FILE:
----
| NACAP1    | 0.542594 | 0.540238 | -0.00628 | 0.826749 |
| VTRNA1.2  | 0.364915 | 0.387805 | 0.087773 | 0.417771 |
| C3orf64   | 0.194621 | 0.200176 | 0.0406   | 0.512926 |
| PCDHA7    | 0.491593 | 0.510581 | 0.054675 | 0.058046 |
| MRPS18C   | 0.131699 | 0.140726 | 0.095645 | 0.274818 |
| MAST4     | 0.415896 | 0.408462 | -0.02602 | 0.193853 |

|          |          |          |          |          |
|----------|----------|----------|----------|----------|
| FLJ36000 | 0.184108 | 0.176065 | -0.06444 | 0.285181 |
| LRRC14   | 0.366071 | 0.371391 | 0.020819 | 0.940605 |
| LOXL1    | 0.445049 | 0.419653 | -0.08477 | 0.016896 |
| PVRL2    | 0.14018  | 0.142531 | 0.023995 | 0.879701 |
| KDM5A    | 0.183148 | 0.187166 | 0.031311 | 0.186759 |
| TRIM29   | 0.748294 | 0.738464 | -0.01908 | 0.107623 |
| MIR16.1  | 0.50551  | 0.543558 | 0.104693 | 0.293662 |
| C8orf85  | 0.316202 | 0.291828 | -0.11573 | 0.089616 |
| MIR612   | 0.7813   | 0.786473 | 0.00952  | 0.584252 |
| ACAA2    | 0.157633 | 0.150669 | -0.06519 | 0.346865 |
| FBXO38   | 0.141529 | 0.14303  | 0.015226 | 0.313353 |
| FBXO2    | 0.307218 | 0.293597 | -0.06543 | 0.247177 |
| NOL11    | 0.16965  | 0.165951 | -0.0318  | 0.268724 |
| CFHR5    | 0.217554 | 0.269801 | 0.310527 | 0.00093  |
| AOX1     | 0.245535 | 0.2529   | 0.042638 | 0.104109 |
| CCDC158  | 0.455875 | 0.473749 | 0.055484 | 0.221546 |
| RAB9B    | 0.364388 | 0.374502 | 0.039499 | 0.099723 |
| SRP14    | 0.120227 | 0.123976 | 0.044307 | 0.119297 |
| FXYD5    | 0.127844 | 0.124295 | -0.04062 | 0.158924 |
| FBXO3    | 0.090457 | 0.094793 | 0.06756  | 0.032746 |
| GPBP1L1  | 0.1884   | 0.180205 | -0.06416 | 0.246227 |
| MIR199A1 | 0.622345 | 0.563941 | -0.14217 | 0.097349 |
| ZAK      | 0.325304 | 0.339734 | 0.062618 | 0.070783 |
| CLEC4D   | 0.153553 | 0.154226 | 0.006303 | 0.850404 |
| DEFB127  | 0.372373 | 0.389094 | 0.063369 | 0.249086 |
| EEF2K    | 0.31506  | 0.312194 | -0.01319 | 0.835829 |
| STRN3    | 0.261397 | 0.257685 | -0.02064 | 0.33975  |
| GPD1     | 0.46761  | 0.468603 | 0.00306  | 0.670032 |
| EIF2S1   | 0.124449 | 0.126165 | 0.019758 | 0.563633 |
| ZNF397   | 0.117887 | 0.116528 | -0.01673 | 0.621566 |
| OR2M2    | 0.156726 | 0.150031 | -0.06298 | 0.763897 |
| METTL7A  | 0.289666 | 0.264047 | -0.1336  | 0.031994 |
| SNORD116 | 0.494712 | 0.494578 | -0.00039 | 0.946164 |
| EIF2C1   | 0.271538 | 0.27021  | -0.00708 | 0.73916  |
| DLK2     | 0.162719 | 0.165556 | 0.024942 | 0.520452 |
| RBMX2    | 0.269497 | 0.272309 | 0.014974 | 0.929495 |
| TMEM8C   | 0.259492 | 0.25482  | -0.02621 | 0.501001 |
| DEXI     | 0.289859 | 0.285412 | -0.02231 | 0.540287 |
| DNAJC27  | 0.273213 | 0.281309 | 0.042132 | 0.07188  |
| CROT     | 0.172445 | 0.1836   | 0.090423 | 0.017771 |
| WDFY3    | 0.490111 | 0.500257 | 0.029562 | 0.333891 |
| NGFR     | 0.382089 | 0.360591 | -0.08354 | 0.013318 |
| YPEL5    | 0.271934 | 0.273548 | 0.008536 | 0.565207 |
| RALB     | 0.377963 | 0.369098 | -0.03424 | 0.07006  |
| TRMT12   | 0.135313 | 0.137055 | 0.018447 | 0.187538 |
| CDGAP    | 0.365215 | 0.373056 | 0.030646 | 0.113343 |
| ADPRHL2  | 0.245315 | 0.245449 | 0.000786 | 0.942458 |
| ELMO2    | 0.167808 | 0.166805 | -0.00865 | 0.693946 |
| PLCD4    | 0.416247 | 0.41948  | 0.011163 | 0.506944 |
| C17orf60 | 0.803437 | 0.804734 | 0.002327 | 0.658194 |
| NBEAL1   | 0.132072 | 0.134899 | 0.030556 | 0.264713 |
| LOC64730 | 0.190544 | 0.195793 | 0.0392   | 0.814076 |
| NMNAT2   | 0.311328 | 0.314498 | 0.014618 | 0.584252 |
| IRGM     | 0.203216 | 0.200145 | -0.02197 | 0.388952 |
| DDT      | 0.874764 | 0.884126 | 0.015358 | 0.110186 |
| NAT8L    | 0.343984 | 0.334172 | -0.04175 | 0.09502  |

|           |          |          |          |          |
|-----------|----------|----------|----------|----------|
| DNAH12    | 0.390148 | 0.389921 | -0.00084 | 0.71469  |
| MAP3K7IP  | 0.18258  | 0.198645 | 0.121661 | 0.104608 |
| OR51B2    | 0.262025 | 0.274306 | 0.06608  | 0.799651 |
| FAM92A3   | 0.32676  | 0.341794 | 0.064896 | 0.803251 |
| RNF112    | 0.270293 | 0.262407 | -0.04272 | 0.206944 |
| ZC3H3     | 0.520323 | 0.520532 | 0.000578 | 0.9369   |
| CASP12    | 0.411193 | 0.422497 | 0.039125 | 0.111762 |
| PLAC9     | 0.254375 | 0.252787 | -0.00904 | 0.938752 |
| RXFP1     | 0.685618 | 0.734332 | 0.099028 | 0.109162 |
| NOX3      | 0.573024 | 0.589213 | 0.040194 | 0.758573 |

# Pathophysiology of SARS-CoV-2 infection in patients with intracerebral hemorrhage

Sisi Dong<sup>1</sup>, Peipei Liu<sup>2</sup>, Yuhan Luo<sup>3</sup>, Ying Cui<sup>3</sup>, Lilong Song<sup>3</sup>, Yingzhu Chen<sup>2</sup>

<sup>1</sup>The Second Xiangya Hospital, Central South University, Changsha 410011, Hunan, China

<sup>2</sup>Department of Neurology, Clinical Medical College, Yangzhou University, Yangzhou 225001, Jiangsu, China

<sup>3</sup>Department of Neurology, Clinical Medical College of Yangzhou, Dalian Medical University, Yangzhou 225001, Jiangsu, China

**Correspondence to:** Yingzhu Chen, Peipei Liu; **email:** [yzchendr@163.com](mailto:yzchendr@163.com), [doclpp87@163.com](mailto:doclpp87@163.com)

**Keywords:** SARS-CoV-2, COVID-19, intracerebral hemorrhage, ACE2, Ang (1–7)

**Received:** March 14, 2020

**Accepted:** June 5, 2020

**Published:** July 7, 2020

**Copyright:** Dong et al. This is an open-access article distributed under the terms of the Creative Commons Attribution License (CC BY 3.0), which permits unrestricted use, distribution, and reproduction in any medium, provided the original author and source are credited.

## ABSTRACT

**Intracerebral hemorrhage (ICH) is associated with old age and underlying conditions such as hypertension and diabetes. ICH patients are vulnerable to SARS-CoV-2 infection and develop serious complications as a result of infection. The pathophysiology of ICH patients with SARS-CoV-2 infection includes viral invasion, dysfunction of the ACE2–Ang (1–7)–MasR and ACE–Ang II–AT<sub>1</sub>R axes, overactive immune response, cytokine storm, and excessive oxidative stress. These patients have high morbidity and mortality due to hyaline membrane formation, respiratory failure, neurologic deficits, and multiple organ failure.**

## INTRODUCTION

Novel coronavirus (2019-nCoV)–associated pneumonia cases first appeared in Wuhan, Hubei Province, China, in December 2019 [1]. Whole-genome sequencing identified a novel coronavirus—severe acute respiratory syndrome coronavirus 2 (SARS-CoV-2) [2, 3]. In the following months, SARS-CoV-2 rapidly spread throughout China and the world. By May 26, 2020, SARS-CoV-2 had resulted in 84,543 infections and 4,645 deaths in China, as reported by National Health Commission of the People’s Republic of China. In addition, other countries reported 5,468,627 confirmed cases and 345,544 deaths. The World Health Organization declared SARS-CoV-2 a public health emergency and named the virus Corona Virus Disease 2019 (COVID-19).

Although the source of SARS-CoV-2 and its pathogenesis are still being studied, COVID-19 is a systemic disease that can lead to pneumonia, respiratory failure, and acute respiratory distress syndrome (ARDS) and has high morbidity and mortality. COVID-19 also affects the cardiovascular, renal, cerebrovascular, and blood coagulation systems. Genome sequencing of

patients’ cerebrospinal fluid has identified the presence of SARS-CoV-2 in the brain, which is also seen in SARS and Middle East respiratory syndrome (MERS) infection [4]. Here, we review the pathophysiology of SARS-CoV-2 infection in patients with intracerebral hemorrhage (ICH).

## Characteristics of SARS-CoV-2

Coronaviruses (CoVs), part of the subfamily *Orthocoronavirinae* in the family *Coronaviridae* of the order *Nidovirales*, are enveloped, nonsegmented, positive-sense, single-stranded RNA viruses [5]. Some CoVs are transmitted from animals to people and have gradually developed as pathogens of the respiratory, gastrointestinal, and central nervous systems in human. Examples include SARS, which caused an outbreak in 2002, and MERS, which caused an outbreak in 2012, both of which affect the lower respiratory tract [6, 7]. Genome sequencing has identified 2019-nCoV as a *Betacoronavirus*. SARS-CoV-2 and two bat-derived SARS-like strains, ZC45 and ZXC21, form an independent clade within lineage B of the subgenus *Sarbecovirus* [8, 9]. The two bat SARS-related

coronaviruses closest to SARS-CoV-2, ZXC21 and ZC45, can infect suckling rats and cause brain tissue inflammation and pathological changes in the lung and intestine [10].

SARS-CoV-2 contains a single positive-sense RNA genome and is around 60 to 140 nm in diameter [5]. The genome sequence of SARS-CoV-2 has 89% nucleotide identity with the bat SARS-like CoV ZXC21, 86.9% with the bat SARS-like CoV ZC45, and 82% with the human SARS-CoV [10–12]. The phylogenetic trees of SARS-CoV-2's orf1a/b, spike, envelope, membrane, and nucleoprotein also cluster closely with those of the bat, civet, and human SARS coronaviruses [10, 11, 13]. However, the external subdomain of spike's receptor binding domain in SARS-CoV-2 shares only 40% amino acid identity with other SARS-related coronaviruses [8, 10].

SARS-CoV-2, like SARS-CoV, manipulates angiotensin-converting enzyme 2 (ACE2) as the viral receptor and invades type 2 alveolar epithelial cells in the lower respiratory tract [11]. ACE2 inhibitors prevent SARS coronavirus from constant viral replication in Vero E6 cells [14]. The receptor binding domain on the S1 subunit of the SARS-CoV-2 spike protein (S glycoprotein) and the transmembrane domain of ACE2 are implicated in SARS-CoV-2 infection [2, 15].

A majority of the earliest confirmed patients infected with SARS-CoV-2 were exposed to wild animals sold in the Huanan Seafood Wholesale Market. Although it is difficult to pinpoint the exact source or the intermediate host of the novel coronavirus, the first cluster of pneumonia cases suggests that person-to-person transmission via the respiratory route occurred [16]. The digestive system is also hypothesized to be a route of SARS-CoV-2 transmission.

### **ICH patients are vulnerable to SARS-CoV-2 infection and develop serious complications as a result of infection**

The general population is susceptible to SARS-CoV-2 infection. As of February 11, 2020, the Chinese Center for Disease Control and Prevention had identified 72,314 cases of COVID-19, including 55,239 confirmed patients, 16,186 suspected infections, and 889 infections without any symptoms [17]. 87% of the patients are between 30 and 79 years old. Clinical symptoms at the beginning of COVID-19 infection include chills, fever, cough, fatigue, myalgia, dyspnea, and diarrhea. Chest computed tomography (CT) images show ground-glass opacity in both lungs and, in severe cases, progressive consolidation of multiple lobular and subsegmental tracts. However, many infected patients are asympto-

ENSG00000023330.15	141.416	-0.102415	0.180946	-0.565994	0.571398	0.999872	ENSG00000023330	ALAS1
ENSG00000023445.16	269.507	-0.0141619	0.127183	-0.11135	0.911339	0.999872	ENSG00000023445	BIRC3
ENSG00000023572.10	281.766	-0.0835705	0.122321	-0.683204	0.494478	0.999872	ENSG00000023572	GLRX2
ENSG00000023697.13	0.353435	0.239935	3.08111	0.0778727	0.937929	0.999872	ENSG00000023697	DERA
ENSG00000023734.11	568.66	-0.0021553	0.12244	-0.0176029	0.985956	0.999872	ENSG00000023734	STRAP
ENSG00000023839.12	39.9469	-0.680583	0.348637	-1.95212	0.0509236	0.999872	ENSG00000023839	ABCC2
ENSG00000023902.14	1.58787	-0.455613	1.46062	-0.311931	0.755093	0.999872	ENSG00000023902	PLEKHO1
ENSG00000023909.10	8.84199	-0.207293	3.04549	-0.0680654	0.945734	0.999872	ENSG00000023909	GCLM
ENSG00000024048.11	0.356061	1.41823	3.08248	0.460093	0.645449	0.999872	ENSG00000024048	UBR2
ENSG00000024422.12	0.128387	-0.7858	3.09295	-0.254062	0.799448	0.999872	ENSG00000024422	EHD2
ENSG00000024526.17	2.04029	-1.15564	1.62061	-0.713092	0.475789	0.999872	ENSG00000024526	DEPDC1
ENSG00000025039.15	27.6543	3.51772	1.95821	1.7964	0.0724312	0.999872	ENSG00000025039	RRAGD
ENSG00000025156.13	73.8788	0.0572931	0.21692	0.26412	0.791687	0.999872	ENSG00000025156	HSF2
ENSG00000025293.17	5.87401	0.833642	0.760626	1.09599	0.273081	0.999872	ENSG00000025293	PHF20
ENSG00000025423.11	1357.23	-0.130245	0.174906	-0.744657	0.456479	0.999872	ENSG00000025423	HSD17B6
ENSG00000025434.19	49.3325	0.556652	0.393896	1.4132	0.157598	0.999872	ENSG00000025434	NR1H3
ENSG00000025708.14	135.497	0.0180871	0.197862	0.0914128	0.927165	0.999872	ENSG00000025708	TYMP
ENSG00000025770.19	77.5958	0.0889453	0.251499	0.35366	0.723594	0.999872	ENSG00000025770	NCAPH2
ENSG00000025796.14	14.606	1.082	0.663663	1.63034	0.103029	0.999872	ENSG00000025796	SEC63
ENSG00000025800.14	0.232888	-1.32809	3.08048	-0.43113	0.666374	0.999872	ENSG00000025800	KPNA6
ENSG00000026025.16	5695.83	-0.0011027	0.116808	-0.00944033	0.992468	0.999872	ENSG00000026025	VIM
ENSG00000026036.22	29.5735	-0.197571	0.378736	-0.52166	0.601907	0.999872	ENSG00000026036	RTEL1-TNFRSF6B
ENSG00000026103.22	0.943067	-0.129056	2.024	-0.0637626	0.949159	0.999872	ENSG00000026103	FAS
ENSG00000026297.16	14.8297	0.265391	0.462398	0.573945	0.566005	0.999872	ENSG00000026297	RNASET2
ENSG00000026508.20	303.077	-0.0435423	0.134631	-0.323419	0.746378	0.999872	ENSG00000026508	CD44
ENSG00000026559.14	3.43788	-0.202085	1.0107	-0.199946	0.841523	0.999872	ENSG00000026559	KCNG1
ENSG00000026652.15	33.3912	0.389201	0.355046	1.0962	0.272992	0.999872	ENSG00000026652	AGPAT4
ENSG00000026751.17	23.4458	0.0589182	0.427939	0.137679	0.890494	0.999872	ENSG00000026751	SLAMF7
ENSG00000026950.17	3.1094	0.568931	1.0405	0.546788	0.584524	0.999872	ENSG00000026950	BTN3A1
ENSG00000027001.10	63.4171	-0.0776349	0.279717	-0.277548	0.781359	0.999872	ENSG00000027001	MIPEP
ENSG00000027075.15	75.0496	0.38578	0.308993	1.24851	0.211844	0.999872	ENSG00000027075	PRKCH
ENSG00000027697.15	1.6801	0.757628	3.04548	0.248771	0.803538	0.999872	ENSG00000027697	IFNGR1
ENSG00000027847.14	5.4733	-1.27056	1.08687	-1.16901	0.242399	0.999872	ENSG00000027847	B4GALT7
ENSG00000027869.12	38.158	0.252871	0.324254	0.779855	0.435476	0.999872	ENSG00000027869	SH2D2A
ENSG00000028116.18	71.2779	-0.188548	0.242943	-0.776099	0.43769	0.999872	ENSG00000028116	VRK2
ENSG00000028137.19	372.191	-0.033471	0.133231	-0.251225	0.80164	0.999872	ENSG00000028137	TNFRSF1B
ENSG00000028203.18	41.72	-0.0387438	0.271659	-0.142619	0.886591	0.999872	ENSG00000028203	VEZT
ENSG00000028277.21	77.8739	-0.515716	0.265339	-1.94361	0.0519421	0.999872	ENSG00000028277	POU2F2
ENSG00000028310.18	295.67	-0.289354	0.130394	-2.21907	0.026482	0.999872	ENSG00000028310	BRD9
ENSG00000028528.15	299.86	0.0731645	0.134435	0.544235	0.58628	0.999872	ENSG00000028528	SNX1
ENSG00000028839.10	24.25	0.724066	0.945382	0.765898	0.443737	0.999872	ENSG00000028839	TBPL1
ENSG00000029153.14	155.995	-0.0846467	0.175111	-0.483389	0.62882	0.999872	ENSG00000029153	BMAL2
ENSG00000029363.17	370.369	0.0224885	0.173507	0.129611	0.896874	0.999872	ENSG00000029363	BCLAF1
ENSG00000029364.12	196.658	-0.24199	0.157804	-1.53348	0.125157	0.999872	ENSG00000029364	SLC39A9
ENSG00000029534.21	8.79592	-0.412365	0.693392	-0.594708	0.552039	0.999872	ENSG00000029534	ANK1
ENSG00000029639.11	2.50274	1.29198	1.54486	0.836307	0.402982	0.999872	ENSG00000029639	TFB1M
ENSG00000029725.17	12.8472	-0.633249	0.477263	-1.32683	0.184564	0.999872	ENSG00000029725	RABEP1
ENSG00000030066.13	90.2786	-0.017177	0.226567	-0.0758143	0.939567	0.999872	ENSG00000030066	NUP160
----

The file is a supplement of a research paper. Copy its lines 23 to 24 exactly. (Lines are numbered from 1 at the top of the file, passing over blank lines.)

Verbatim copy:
| AOX1     | 0.245535 | 0.2529   | 0.042638 | 0.104109 |
| CCDC158  | 0.455875 | 0.473749 | 0.055484 | 0.221546 |